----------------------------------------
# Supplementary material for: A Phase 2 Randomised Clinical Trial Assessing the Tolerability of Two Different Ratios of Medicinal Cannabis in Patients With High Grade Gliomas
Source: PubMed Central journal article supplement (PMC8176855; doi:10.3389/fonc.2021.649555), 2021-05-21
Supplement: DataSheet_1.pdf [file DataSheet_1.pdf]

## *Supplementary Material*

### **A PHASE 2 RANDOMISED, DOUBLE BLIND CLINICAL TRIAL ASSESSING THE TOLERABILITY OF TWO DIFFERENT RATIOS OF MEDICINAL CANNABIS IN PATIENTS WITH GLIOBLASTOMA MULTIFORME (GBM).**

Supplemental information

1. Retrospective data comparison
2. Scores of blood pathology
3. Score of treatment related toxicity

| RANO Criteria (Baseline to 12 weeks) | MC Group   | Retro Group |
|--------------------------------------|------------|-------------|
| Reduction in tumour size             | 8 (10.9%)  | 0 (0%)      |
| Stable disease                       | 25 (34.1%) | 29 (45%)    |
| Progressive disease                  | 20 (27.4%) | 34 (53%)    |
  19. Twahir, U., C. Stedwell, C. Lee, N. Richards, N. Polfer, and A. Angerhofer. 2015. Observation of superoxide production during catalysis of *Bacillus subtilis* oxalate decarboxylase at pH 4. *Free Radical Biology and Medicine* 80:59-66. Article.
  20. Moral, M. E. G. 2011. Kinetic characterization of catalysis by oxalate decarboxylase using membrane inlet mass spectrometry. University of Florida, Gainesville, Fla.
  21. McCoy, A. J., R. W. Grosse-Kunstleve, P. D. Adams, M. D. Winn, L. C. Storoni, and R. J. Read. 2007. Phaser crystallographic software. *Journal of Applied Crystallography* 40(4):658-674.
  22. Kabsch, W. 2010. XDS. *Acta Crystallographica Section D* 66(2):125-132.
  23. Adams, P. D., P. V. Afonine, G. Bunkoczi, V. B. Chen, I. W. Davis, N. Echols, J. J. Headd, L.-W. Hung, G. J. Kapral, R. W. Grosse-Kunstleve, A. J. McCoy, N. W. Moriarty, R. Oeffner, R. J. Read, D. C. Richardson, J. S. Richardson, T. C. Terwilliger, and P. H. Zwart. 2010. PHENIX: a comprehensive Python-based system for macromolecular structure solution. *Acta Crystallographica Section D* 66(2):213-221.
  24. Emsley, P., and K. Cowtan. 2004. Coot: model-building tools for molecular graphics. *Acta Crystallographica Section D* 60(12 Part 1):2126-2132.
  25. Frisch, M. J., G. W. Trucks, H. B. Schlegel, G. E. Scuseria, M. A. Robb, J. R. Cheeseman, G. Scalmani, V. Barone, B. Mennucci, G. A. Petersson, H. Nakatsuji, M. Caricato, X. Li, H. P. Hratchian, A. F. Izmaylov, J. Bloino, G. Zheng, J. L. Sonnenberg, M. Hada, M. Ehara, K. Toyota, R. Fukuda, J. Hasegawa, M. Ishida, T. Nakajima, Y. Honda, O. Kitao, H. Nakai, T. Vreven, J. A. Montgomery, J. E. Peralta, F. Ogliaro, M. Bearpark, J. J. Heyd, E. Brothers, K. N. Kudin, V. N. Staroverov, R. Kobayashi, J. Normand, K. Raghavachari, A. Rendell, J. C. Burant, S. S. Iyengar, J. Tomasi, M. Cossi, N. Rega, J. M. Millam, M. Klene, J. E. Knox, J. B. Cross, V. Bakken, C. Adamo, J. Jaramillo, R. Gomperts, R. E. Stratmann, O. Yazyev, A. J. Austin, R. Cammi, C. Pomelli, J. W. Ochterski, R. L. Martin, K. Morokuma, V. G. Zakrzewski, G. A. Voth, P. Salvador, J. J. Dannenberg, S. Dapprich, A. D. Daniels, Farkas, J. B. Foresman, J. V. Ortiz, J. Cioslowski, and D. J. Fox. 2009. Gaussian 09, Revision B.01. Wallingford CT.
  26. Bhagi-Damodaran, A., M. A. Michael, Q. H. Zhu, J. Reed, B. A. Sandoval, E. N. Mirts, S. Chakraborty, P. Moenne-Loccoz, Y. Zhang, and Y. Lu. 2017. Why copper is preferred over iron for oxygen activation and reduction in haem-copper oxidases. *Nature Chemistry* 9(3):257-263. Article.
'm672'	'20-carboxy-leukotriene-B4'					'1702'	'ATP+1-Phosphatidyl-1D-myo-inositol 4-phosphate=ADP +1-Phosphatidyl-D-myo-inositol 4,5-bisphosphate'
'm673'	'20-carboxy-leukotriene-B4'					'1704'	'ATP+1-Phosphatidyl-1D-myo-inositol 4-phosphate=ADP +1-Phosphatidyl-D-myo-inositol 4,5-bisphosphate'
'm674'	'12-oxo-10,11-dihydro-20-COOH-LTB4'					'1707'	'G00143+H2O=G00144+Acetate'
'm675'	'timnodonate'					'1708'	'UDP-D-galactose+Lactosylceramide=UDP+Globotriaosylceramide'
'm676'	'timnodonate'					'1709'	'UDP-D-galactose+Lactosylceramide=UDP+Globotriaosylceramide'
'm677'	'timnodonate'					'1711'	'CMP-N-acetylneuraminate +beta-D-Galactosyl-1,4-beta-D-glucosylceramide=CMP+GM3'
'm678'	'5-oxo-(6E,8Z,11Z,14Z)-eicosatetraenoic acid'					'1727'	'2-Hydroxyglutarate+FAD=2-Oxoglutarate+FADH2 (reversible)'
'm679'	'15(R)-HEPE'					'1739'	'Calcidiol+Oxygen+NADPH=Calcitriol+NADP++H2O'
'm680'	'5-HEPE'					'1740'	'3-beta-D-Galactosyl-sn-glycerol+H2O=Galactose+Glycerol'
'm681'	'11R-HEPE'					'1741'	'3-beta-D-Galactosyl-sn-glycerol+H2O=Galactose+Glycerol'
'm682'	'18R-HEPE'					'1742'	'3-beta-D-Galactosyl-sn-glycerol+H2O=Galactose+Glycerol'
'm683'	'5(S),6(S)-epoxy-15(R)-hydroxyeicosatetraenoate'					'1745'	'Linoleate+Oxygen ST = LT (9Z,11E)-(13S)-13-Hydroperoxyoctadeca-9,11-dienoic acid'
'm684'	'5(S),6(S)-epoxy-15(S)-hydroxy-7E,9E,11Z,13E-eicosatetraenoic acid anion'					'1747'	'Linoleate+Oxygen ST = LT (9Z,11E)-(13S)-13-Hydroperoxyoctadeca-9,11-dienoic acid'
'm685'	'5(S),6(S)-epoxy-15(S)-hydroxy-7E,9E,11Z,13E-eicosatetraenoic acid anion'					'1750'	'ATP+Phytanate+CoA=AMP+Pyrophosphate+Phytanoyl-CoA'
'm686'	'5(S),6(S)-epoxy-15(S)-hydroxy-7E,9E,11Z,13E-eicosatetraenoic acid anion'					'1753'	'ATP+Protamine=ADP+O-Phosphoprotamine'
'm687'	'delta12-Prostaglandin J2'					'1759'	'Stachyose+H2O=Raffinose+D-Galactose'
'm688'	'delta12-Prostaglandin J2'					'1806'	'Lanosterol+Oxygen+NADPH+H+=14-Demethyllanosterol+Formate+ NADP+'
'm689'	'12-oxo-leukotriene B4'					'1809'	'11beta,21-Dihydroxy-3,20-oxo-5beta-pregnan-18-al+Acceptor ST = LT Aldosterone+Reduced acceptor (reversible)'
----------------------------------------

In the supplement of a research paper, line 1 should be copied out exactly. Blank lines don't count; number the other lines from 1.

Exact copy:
# Supplementary material for: A Phase 2 Randomised Clinical Trial Assessing the Tolerability of Two Different Ratios of Medicinal Cannabis in Patients With High Grade Gliomas